How Google hacked food for happier employees
You are what you eat, after all.
Google’s on-campus food is reportedly as innovative as the company. Employees in its headquarters have a choice of around 30 options that range from chef-led cafes, restaurants, and food trucks, all for free.
This focus on food doesn’t just start and stop around meal times. The search giant curates a selection of snacks and drinks and stations them around the company’s offices — apparently, New York City Googlers are never more than 150 feet from some kind of food. But this large selection had a heavy toll on employees in the form of the “Google 15.”
A little extra weight is fine, but unhealthy habits eventually stack up. According to the CDC, employees missing days of work due to high blood pressure, diabetes, smoking, physical inactivity, and obesity cost US employers $36.4 billion a year. In the shorter term, however, poor eating habits can hurt productivity, which is the number one priority for companies like Google.
So what’s a company that’s built on analytics and engineering to do? A scientific study, of course.
“Food has an impact on a person’s happiness and well-being, both short- and long-term,” Google Food Director Michiel Bakker told Food Management. “We have a responsibility to guide people to make great food choices.”
The company partnered with a team of researchers from Yale University and Saint Joseph's University to discreetly observe employee behavior at its New York City office over the course of a few months.
The researchers staked out a break room with a micro-kitchen that was stocked with free drinks and snacks, recording the number of people who took both a drink and snack. Distance became an important metric in the study. One beverage station, a fridge with cold drinks, and a brewing station for hot ones was 6.5 feet from the snack bar and another was 17.5 feet away. Snacks offered included nuts, crackers, candy, dried fruit, chips, and cookies. After observing more than 1,000 people, the researchers found that people who used the beverage station near the snacks were 50 percent more likely to grab something to eat with their drink. The amount of snacks added up to one pound of fat per year for each male employee’s daily cup of coffee.
The research team noted in Harvard Business Review that “people tend to eat food that is easy to see or easy to reach.” So they just moved the snacks further from the beverages. “A few additional feet between snacks and beverages caused a large enough decrease in snacking to potentially result in meaningful weight loss over time,” they wrote in their 2016 paper, “Proximity of snacks to beverages increases food consumption in the workplace: A field study,” published in the journal Appetite. “Although employers may be attempting to help employees by placing drinks and snacks conveniently in the same area … our research implies that sometimes less convenience might be more helpful.”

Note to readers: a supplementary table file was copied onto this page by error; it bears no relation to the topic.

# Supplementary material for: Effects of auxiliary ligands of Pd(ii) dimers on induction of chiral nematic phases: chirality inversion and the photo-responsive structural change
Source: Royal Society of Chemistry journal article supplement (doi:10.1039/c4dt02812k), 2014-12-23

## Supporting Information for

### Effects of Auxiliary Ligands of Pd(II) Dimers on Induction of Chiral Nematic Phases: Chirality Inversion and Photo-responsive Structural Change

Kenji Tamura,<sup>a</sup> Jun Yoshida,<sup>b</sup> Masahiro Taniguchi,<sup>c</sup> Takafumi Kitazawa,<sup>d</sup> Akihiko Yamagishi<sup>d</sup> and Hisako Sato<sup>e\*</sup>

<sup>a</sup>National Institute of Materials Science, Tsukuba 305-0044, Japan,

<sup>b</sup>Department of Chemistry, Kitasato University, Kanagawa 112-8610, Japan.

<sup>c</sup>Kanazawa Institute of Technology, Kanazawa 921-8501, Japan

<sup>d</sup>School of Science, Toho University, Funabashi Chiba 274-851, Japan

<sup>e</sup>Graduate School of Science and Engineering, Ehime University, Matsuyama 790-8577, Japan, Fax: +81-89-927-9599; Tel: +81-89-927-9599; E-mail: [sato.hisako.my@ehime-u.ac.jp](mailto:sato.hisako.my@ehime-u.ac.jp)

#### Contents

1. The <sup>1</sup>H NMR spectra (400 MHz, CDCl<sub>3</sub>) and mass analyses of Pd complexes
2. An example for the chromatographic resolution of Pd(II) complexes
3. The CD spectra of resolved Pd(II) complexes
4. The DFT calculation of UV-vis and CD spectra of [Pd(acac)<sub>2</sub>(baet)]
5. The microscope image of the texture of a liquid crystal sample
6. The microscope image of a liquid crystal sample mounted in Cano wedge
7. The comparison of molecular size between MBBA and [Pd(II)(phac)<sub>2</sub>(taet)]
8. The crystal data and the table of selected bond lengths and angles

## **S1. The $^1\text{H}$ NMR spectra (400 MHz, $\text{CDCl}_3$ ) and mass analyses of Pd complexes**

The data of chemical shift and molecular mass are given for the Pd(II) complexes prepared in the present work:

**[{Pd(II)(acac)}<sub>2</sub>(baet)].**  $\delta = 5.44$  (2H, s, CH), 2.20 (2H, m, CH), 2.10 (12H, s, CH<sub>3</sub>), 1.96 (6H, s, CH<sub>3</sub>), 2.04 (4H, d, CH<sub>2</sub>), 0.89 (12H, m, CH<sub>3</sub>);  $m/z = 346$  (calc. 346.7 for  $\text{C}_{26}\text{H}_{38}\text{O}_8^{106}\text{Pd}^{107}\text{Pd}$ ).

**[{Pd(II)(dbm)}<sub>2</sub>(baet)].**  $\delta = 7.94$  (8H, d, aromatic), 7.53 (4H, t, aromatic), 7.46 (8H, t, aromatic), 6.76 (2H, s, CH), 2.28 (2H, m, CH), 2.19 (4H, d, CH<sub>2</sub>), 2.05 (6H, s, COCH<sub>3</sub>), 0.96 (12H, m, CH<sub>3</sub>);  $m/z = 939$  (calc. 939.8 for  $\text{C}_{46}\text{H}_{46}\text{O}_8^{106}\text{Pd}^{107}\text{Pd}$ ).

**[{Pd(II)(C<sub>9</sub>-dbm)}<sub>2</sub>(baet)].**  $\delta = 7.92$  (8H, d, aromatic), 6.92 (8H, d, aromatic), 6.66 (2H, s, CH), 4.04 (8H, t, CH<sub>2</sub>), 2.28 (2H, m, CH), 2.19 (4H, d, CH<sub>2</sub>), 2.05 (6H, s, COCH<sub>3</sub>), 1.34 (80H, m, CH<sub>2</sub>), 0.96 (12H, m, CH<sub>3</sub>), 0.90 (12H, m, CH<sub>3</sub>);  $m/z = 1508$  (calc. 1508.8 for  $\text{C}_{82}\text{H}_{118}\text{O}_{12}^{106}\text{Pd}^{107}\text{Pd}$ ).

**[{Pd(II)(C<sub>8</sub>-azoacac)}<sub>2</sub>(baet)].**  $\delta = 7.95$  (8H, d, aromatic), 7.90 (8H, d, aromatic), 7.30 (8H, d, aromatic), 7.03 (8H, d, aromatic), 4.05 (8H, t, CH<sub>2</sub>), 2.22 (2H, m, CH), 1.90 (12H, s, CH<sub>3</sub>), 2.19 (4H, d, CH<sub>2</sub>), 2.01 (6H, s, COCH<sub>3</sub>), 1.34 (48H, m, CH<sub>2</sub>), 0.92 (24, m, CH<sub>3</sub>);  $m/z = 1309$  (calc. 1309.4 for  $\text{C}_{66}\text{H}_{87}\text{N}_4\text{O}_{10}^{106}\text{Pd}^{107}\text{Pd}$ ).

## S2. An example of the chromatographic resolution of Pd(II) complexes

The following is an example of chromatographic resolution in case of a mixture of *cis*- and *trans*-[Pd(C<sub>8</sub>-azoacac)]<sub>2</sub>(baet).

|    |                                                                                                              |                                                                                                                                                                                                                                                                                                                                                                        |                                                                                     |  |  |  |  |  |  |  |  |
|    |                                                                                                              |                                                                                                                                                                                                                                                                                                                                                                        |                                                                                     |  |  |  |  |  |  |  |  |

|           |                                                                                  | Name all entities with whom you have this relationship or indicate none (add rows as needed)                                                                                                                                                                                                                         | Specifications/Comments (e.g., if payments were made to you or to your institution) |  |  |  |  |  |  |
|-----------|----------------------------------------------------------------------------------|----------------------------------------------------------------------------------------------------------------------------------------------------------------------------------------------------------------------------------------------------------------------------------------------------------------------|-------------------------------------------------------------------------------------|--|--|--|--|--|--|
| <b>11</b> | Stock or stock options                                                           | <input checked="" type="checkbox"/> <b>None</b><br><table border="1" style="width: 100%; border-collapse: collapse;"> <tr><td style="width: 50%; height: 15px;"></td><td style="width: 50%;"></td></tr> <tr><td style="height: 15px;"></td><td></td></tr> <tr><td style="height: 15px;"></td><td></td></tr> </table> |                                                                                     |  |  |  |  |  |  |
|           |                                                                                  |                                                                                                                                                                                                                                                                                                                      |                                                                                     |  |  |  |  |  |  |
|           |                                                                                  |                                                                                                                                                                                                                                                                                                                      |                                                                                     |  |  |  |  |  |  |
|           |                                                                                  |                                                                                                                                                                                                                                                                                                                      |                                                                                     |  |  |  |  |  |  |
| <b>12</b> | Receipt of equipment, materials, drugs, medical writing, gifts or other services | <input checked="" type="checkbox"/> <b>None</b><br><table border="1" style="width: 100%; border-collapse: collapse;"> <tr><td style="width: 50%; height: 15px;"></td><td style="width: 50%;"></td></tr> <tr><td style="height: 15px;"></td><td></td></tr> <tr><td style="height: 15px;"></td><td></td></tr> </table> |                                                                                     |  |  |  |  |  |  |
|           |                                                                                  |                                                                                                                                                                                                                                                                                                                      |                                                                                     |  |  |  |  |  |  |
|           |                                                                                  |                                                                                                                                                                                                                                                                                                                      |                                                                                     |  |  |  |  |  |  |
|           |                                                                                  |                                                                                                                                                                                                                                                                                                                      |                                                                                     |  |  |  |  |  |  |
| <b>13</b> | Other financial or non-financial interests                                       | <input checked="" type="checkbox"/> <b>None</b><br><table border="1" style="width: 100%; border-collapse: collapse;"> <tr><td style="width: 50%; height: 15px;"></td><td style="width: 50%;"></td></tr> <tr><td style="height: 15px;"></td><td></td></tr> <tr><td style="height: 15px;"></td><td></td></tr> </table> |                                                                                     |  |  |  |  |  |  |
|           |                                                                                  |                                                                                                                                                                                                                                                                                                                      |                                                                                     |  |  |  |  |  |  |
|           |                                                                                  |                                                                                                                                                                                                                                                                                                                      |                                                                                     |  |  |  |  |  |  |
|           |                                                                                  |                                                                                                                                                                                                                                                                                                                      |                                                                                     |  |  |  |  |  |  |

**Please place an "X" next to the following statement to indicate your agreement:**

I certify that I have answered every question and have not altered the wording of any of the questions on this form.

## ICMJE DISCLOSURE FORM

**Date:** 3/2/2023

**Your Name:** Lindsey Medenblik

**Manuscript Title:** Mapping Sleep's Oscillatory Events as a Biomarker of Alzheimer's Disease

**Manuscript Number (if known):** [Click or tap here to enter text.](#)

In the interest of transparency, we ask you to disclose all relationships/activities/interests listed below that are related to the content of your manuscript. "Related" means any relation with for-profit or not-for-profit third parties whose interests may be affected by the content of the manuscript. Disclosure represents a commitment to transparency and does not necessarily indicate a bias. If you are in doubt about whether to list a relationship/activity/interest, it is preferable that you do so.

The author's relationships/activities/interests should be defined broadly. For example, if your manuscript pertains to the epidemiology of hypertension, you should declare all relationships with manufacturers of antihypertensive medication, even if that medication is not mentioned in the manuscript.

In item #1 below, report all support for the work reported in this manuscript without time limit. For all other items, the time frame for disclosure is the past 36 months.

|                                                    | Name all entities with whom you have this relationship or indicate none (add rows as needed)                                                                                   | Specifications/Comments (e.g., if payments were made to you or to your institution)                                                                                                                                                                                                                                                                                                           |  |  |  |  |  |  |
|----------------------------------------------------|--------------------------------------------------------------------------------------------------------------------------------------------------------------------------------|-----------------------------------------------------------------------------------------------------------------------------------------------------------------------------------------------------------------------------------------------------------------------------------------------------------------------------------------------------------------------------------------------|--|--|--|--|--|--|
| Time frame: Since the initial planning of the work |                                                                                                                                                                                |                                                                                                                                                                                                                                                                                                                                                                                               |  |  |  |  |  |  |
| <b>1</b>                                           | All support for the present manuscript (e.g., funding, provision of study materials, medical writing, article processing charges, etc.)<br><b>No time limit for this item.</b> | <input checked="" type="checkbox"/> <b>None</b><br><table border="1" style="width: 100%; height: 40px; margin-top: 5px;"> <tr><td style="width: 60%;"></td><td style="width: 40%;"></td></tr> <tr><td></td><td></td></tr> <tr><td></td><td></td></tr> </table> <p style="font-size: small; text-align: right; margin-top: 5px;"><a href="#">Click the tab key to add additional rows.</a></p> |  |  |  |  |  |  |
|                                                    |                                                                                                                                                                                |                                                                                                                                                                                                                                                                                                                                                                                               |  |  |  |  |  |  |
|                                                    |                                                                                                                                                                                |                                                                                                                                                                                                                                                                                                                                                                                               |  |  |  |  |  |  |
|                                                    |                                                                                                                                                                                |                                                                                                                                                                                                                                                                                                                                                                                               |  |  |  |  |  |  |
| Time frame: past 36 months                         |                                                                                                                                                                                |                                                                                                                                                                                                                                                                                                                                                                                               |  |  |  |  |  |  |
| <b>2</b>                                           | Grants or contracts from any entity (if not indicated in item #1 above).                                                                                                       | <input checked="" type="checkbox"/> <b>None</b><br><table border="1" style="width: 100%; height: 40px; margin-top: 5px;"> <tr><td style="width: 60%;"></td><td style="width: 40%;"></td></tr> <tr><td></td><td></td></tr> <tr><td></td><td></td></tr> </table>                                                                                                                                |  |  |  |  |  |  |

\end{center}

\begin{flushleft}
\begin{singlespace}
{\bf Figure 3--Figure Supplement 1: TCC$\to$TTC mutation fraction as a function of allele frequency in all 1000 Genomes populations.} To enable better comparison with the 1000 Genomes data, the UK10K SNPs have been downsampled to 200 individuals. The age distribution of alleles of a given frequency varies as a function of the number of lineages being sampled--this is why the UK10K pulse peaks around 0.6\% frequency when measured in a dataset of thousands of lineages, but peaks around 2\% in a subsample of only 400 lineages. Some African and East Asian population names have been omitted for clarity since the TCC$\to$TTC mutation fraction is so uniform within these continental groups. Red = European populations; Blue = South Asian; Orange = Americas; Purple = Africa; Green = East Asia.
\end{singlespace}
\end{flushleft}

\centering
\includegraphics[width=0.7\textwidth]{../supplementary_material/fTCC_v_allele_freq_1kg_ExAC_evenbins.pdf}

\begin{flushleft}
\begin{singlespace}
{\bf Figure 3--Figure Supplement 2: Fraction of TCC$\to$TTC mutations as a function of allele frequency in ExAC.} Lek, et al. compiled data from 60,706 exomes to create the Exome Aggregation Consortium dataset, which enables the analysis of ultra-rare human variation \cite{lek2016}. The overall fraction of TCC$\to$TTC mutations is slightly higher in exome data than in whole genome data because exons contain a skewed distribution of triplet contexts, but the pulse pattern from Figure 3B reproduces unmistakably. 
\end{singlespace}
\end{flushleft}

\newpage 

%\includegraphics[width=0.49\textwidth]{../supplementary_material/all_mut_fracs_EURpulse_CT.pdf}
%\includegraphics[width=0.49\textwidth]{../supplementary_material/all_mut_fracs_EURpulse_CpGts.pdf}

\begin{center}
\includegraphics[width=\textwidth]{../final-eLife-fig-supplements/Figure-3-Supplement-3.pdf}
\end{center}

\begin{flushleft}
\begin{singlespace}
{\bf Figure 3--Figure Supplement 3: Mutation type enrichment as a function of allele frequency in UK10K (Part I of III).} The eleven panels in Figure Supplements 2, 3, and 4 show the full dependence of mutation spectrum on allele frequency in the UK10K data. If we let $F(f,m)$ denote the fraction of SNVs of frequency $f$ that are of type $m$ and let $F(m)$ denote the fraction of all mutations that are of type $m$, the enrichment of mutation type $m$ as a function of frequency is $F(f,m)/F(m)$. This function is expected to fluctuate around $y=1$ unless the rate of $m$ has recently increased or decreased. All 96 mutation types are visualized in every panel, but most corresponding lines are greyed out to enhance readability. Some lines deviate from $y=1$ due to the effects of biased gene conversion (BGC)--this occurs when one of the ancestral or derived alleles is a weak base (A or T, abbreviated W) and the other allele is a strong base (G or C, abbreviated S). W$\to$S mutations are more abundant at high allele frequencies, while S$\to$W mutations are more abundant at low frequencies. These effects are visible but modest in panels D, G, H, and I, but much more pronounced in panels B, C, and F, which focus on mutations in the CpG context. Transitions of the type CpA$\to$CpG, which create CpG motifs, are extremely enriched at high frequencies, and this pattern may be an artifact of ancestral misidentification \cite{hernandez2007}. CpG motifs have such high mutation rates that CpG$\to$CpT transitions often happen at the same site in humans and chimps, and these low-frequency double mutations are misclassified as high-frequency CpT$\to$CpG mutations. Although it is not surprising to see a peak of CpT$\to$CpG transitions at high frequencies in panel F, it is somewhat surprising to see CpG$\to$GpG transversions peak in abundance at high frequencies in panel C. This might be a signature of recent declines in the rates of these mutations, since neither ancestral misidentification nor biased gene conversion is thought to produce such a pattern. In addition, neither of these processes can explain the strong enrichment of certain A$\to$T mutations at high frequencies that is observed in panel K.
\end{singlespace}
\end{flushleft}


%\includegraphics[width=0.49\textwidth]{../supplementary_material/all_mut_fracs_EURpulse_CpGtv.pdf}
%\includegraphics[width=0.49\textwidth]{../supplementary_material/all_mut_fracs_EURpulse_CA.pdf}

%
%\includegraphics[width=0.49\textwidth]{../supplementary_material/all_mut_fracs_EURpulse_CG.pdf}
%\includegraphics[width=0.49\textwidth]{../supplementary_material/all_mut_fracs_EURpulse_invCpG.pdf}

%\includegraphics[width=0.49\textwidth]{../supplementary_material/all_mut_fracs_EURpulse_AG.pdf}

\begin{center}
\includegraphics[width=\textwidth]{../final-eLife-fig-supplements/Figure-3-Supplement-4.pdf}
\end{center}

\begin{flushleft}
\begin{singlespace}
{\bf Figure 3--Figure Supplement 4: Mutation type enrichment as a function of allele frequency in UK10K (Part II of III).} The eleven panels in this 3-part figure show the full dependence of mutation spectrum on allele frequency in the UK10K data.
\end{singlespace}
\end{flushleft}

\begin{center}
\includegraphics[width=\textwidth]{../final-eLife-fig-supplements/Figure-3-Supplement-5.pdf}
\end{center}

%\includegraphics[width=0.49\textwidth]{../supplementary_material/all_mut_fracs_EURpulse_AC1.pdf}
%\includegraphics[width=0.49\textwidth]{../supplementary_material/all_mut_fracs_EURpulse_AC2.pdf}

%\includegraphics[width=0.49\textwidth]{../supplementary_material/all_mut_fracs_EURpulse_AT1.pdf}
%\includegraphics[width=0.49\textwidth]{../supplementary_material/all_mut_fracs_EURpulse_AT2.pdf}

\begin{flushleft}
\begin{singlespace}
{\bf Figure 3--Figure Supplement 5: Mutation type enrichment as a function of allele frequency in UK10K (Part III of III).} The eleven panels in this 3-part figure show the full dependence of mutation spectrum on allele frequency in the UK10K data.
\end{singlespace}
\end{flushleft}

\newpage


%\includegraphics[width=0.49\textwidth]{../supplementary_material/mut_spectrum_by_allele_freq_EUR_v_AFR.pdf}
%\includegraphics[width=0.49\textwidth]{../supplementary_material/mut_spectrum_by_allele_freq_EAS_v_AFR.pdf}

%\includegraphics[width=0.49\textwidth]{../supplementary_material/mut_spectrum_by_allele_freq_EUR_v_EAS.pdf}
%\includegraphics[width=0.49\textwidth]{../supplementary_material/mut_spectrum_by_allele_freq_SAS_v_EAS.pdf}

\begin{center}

That’s not the only change that Google and the researchers made to reduce consumption of unhealthy snacks. In another micro-kitchen, M&Ms that had been available in bulk bins were replaced with individually wrapped packages. As a result, Googlers ate 58 percent less of the candy, a reduction of 308 calories to 130.
“Food has an impact on a person’s happiness and well-being, both short- and long-term.”
Another change promoted the eating of “unpopular vegetables” — beets, parsnips, squash, Brussels sprouts, and cauliflower. In a high-trafficked cafe, the team put up a colorful “Vegetable of the Day!” sign with photos and trivia facts next to a dish containing that vegetable as its main ingredient. This change led to a 74 percent increase of employees trying the featured dish and a 64 percent increase of the average amount each person served themselves.
Prior to these changes, Google had been optimizing its cafeterias to promote healthy options. The salad bar was moved by the front entrance so it’d be the first thing people saw, plates were reduced to smaller sizes to encourage better portions, and desserts were made into smaller portions and moved to a far corner of the cafeteria. Fruit is available on counters, while candy is in the drawers. Finally, water bottles were placed at eye level in fridges, while soda and other sugary drinks were placed lower, behind frosted glass. The company also offers cooking classes to employees so they make more informed choices.
Companies don’t need Google’s budget to promote better food choices. Healthy options can be made available to people by placing them front and center, increasing the likelihood that they’ll be eaten first. Desserts and other sweets don’t need to be taken away, but they can be available in smaller servings and out of view. Water and other healthy beverages can be given the most prominent spots.
“Everyone has work that they are trying to get done, and so you don't want to think a lot about what they are going to grab as a snack,” Jennifer Kurkoski of Google’s people analytics department told ABC News. “So let's make the thing that people default to the healthiest one possible.”